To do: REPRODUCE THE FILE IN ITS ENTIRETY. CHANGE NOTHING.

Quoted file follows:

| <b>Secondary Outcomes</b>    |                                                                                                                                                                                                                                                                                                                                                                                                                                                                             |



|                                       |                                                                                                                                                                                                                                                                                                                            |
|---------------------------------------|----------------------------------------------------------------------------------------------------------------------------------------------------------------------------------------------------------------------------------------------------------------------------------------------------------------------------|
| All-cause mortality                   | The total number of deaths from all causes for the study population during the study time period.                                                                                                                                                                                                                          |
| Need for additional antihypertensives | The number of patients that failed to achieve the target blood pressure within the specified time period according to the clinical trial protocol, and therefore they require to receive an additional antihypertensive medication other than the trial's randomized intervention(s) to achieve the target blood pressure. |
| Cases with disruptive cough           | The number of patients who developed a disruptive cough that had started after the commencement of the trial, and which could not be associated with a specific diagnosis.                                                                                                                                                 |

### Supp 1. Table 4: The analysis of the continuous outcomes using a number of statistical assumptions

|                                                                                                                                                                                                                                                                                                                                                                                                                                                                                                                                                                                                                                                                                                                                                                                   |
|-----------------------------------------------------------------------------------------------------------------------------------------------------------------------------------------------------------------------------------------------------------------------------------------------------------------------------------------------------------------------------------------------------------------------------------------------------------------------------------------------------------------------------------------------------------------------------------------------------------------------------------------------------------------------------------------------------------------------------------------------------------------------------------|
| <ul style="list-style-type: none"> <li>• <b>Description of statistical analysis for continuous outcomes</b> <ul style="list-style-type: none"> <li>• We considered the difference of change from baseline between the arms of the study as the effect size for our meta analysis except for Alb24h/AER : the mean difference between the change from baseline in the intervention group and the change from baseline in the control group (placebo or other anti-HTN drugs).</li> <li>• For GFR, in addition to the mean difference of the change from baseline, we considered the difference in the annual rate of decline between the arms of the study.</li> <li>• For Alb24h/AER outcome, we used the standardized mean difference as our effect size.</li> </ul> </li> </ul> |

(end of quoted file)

| <b>Secondary Outcomes</b>    |                                                                                                                                                                                                                                                                                                                                                                                                                                                                             |



|                                       |                                                                                                                                                                                                                                                                                                                            |
|---------------------------------------|----------------------------------------------------------------------------------------------------------------------------------------------------------------------------------------------------------------------------------------------------------------------------------------------------------------------------|
| All-cause mortality                   | The total number of deaths from all causes for the study population during the study time period.                                                                                                                                                                                                                          |
| Need for additional antihypertensives | The number of patients that failed to achieve the target blood pressure within the specified time period according to the clinical trial protocol, and therefore they require to receive an additional antihypertensive medication other than the trial's randomized intervention(s) to achieve the target blood pressure. |
| Cases with disruptive cough           | The number of patients who developed a disruptive cough that had started after the commencement of the trial, and which could not be associated with a specific diagnosis.                                                                                                                                                 |

### Supp 1. Table 4: The analysis of the continuous outcomes using a number of statistical assumptions

|                                                                                                                                                                                                                                                                                                                                                                                                                                                                                                                                                                                                                                                                                                                                                                                   |
|-----------------------------------------------------------------------------------------------------------------------------------------------------------------------------------------------------------------------------------------------------------------------------------------------------------------------------------------------------------------------------------------------------------------------------------------------------------------------------------------------------------------------------------------------------------------------------------------------------------------------------------------------------------------------------------------------------------------------------------------------------------------------------------|
| <ul style="list-style-type: none"> <li>• <b>Description of statistical analysis for continuous outcomes</b> <ul style="list-style-type: none"> <li>• We considered the difference of change from baseline between the arms of the study as the effect size for our meta analysis except for Alb24h/AER : the mean difference between the change from baseline in the intervention group and the change from baseline in the control group (placebo or other anti-HTN drugs).</li> <li>• For GFR, in addition to the mean difference of the change from baseline, we considered the difference in the annual rate of decline between the arms of the study.</li> <li>• For Alb24h/AER outcome, we used the standardized mean difference as our effect size.</li> </ul> </li> </ul> |